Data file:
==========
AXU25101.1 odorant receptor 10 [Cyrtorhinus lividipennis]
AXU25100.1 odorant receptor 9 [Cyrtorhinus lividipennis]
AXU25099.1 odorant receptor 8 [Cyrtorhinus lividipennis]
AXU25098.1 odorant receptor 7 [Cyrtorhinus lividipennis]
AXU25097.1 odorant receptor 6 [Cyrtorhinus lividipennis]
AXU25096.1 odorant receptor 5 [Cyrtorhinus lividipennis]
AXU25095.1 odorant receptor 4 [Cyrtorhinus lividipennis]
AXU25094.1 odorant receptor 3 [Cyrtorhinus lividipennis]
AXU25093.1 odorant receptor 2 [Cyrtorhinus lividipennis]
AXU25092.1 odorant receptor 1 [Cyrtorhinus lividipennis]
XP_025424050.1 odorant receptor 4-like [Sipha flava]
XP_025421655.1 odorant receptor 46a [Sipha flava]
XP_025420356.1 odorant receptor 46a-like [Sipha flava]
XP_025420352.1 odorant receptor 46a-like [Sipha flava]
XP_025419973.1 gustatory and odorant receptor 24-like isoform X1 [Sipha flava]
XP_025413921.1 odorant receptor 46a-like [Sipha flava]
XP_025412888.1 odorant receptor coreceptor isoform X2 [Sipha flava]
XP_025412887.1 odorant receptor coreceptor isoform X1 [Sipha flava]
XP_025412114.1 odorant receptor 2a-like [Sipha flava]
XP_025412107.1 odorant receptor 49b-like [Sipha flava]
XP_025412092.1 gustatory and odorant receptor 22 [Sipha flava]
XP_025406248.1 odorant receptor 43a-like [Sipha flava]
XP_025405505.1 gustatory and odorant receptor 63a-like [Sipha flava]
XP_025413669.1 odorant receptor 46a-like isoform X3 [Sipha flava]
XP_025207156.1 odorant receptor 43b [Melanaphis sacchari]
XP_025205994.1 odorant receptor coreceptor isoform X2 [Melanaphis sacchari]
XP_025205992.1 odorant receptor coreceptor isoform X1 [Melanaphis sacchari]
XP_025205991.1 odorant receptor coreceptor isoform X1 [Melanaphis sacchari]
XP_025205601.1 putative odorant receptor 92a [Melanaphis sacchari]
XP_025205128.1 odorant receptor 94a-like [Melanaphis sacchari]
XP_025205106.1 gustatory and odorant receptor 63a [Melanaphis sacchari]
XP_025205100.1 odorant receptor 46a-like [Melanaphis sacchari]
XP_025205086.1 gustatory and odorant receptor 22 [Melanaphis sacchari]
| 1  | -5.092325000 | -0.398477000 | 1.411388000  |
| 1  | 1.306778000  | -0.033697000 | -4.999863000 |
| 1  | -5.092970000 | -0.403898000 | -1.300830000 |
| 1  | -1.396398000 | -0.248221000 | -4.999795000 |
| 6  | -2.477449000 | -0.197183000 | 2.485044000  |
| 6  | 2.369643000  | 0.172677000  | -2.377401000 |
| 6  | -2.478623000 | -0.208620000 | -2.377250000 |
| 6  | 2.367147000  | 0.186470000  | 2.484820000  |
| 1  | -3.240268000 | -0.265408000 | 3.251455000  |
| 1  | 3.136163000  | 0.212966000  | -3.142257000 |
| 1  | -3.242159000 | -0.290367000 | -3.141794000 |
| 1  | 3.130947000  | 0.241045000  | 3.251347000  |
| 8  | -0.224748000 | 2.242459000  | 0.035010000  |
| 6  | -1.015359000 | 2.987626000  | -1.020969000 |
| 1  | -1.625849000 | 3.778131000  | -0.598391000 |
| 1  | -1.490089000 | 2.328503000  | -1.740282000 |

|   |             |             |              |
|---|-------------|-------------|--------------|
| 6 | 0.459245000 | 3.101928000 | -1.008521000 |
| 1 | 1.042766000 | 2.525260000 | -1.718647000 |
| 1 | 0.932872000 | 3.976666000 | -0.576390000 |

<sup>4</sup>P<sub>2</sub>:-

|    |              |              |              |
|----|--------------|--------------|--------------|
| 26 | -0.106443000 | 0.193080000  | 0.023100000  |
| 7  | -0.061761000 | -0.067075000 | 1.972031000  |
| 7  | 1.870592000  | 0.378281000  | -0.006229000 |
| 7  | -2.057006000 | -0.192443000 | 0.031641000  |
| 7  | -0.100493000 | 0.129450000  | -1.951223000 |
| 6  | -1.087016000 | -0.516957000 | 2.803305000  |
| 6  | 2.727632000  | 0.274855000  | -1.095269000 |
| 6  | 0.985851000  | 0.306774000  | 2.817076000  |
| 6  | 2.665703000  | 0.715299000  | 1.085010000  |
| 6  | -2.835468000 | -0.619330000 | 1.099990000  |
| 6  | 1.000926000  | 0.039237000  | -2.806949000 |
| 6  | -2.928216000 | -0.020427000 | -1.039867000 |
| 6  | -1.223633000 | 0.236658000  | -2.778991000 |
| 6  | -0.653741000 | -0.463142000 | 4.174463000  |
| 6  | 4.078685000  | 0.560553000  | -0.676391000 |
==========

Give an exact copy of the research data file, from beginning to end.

AXU25101.1 odorant receptor 10 [Cyrtorhinus lividipennis]
AXU25100.1 odorant receptor 9 [Cyrtorhinus lividipennis]
AXU25099.1 odorant receptor 8 [Cyrtorhinus lividipennis]
AXU25098.1 odorant receptor 7 [Cyrtorhinus lividipennis]
AXU25097.1 odorant receptor 6 [Cyrtorhinus lividipennis]
AXU25096.1 odorant receptor 5 [Cyrtorhinus lividipennis]
AXU25095.1 odorant receptor 4 [Cyrtorhinus lividipennis]
AXU25094.1 odorant receptor 3 [Cyrtorhinus lividipennis]
AXU25093.1 odorant receptor 2 [Cyrtorhinus lividipennis]
AXU25092.1 odorant receptor 1 [Cyrtorhinus lividipennis]
XP_025424050.1 odorant receptor 4-like [Sipha flava]
XP_025421655.1 odorant receptor 46a [Sipha flava]
XP_025420356.1 odorant receptor 46a-like [Sipha flava]
XP_025420352.1 odorant receptor 46a-like [Sipha flava]
XP_025419973.1 gustatory and odorant receptor 24-like isoform X1 [Sipha flava]
XP_025413921.1 odorant receptor 46a-like [Sipha flava]
XP_025412888.1 odorant receptor coreceptor isoform X2 [Sipha flava]
XP_025412887.1 odorant receptor coreceptor isoform X1 [Sipha flava]
XP_025412114.1 odorant receptor 2a-like [Sipha flava]
XP_025412107.1 odorant receptor 49b-like [Sipha flava]
XP_025412092.1 gustatory and odorant receptor 22 [Sipha flava]
XP_025406248.1 odorant receptor 43a-like [Sipha flava]
XP_025405505.1 gustatory and odorant receptor 63a-like [Sipha flava]
XP_025413669.1 odorant receptor 46a-like isoform X3 [Sipha flava]
XP_025207156.1 odorant receptor 43b [Melanaphis sacchari]
XP_025205994.1 odorant receptor coreceptor isoform X2 [Melanaphis sacchari]
XP_025205992.1 odorant receptor coreceptor isoform X1 [Melanaphis sacchari]
XP_025205991.1 odorant receptor coreceptor isoform X1 [Melanaphis sacchari]
XP_025205601.1 putative odorant receptor 92a [Melanaphis sacchari]
XP_025205128.1 odorant receptor 94a-like [Melanaphis sacchari]
XP_025205106.1 gustatory and odorant receptor 63a [Melanaphis sacchari]
XP_025205100.1 odorant receptor 46a-like [Melanaphis sacchari]
XP_025205086.1 gustatory and odorant receptor 22 [Melanaphis sacchari]
| 1  | -5.092325000 | -0.398477000 | 1.411388000  |
| 1  | 1.306778000  | -0.033697000 | -4.999863000 |
| 1  | -5.092970000 | -0.403898000 | -1.300830000 |
| 1  | -1.396398000 | -0.248221000 | -4.999795000 |
| 6  | -2.477449000 | -0.197183000 | 2.485044000  |
| 6  | 2.369643000  | 0.172677000  | -2.377401000 |
| 6  | -2.478623000 | -0.208620000 | -2.377250000 |
| 6  | 2.367147000  | 0.186470000  | 2.484820000  |
| 1  | -3.240268000 | -0.265408000 | 3.251455000  |
| 1  | 3.136163000  | 0.212966000  | -3.142257000 |
| 1  | -3.242159000 | -0.290367000 | -3.141794000 |
| 1  | 3.130947000  | 0.241045000  | 3.251347000  |
| 8  | -0.224748000 | 2.242459000  | 0.035010000  |
| 6  | -1.015359000 | 2.987626000  | -1.020969000 |
| 1  | -1.625849000 | 3.778131000  | -0.598391000 |
| 1  | -1.490089000 | 2.328503000  | -1.740282000 |

|   |             |             |              |
|---|-------------|-------------|--------------|
| 6 | 0.459245000 | 3.101928000 | -1.008521000 |
| 1 | 1.042766000 | 2.525260000 | -1.718647000 |
| 1 | 0.932872000 | 3.976666000 | -0.576390000 |

<sup>4</sup>P<sub>2</sub>:-

|    |              |              |              |
|----|--------------|--------------|--------------|
| 26 | -0.106443000 | 0.193080000  | 0.023100000  |
| 7  | -0.061761000 | -0.067075000 | 1.972031000  |
| 7  | 1.870592000  | 0.378281000  | -0.006229000 |
| 7  | -2.057006000 | -0.192443000 | 0.031641000  |
| 7  | -0.100493000 | 0.129450000  | -1.951223000 |
| 6  | -1.087016000 | -0.516957000 | 2.803305000  |
| 6  | 2.727632000  | 0.274855000  | -1.095269000 |
| 6  | 0.985851000  | 0.306774000  | 2.817076000  |
| 6  | 2.665703000  | 0.715299000  | 1.085010000  |
| 6  | -2.835468000 | -0.619330000 | 1.099990000  |
| 6  | 1.000926000  | 0.039237000  | -2.806949000 |
| 6  | -2.928216000 | -0.020427000 | -1.039867000 |
| 6  | -1.223633000 | 0.236658000  | -2.778991000 |
| 6  | -0.653741000 | -0.463142000 | 4.174463000  |
| 6  | 4.078685000  | 0.560553000  | -0.676391000 |